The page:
Well, this depends on your definition of "slow". The TLS handshake does add overhead to a connection that would otherwise not be there. There are a bunch of relatively computationally expensive operations to perform, so a TLS handshake does usually take a few milliseconds. The exact "how much" cannot be easily quantified, as this depends on many variables, including network performance/latency, computer performance and so on.
As an example, I benchmarked some TLS handshakes times to various nationwide servers with Firefox and they were commonly scattered around ~50ms, sometimes less. Considering my average network latency of ~20ms, that's a bit more than 2 Round-Trip-Times (RTT) of latency. The vast majority of this delay comes from network latency, not from the computations.
For comparison, that's about double of the setup time of a typical TCP connection (which is around 1 RTT until the client can send data) and is also a typical DNS latency for some ISPs.
Adding this all together, DNS lookup, TCP setup (TCP handshake), TLS setup (TLS handshake) can add up to over a quarter of a second in suboptimal conditions. And that's just the connection setup: Next step is the actual HTTP request, and even fast HTTP servers often have "Time to first byte" (TTFB) times of over a hundred milliseconds - this actually the major delay part for some initial requests. Considering all of this, the TLS handshake usually only plays a minor (or average) role in overal latency.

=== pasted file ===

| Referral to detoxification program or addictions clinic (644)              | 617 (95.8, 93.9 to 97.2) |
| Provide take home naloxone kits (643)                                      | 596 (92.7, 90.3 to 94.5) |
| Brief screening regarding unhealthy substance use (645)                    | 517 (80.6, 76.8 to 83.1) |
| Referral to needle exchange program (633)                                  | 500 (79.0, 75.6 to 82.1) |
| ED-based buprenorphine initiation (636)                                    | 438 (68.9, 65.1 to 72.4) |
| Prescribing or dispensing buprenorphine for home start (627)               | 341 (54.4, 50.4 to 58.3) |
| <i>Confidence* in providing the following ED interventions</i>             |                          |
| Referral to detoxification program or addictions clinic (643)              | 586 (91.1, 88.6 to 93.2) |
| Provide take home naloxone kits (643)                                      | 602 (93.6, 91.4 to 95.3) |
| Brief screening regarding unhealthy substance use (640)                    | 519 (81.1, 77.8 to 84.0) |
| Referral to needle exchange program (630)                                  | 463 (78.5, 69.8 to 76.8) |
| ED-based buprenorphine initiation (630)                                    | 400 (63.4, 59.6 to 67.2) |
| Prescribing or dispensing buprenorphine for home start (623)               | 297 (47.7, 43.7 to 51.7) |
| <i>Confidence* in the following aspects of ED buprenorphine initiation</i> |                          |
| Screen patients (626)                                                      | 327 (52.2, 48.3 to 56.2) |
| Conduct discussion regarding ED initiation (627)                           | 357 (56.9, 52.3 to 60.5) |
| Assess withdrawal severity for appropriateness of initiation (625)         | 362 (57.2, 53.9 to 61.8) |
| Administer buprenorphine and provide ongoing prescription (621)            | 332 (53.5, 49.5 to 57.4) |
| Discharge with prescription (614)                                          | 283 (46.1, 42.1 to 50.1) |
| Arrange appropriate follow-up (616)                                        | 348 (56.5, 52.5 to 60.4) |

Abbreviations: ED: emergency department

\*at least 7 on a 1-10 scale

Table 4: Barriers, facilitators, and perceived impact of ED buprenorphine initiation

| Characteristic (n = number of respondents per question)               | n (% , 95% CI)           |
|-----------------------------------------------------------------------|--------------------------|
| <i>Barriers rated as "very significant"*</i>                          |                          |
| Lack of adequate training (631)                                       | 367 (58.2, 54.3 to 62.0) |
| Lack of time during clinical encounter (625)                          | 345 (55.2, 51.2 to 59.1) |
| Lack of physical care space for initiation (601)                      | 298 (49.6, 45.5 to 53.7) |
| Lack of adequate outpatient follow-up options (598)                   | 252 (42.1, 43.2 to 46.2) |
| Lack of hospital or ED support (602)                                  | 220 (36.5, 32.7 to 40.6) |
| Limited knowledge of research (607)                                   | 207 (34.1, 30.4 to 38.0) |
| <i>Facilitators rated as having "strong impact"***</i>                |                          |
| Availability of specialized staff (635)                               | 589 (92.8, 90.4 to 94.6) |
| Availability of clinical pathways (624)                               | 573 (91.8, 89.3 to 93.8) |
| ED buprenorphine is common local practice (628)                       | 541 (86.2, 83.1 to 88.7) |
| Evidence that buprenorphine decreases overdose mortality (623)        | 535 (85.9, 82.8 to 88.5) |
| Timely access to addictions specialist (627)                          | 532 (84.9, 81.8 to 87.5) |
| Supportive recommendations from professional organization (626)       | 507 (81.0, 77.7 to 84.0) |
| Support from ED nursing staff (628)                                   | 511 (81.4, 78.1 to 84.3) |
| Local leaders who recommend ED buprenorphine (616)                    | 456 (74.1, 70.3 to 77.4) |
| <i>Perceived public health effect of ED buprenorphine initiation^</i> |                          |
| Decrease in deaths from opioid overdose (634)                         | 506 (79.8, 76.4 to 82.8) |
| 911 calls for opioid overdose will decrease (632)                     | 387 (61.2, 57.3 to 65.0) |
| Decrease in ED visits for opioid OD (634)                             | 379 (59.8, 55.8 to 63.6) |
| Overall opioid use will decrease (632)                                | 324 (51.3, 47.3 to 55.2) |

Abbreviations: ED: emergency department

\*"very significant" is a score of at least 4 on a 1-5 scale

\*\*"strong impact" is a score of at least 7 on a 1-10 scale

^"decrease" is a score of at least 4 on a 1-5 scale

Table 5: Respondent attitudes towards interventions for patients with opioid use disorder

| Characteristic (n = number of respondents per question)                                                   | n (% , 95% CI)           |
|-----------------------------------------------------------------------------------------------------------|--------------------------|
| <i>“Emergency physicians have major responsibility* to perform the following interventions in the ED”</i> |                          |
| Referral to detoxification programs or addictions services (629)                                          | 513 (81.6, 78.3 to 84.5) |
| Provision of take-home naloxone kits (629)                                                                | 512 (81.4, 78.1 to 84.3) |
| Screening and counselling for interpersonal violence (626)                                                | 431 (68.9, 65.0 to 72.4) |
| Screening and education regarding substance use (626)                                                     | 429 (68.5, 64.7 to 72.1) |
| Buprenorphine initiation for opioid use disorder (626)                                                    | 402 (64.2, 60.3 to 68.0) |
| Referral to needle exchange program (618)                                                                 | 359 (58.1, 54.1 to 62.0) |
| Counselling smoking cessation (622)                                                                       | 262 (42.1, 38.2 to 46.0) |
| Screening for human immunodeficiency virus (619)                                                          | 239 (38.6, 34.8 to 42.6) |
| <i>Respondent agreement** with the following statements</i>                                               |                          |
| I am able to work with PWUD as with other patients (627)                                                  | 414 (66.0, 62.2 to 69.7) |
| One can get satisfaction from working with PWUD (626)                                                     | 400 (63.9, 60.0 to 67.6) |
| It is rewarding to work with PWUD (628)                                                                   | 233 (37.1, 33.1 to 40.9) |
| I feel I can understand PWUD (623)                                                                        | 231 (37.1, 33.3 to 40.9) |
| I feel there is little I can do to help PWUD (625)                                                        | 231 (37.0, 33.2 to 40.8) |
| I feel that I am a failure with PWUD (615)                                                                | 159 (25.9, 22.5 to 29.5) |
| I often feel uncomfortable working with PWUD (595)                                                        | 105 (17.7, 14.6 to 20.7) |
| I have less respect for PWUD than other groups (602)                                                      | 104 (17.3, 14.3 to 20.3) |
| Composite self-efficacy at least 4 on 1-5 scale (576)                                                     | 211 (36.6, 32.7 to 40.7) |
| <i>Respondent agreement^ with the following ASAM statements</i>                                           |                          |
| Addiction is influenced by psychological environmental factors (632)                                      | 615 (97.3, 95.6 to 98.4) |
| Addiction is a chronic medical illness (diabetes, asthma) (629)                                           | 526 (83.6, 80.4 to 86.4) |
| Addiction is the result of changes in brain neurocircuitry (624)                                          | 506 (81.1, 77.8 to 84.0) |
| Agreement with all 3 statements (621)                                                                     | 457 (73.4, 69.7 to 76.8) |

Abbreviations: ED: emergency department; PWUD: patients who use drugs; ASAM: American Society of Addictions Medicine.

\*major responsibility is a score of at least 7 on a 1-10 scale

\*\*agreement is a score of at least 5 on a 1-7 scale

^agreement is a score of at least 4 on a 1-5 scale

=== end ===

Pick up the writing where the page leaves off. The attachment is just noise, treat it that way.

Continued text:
Of course much of this is highly optimized: DNS lookups are cached and the TCP/TLS connections are usually "kept alive" - that is, for subsequent requests they're kept open, such as to avoid having to negotiate TLS for every single HTTP request/response. Instead they're send over the same connection so that the delay only applies for the initial request, but not for subsequent ones.
In addtion to the above, TLS also has a feature called session resumption (commonly enabled on TLS servers, not supported by all TLS clients). This allows a TLS client to resume an older TLS session, even if the underlying TCP connection was terminated previously. This allows to skip major parts of the TLS handshake and reduces TLS setup times greatly.
Now, your setup might be different - if your WebDav server for example aggressively shuts down lingering connections, this may hurt performance. Session resumption may also not work, depending on what clients are connecting and how the server is configured. You might also have different computer performance or network latencies, where the TLS handshake is more significant than in the average case - we don't know. But if I had to guess, I would presume the issue is more in the HTTP TTFB, which has nothing to do with the TLS handshake - but that is where server's are commonly slow.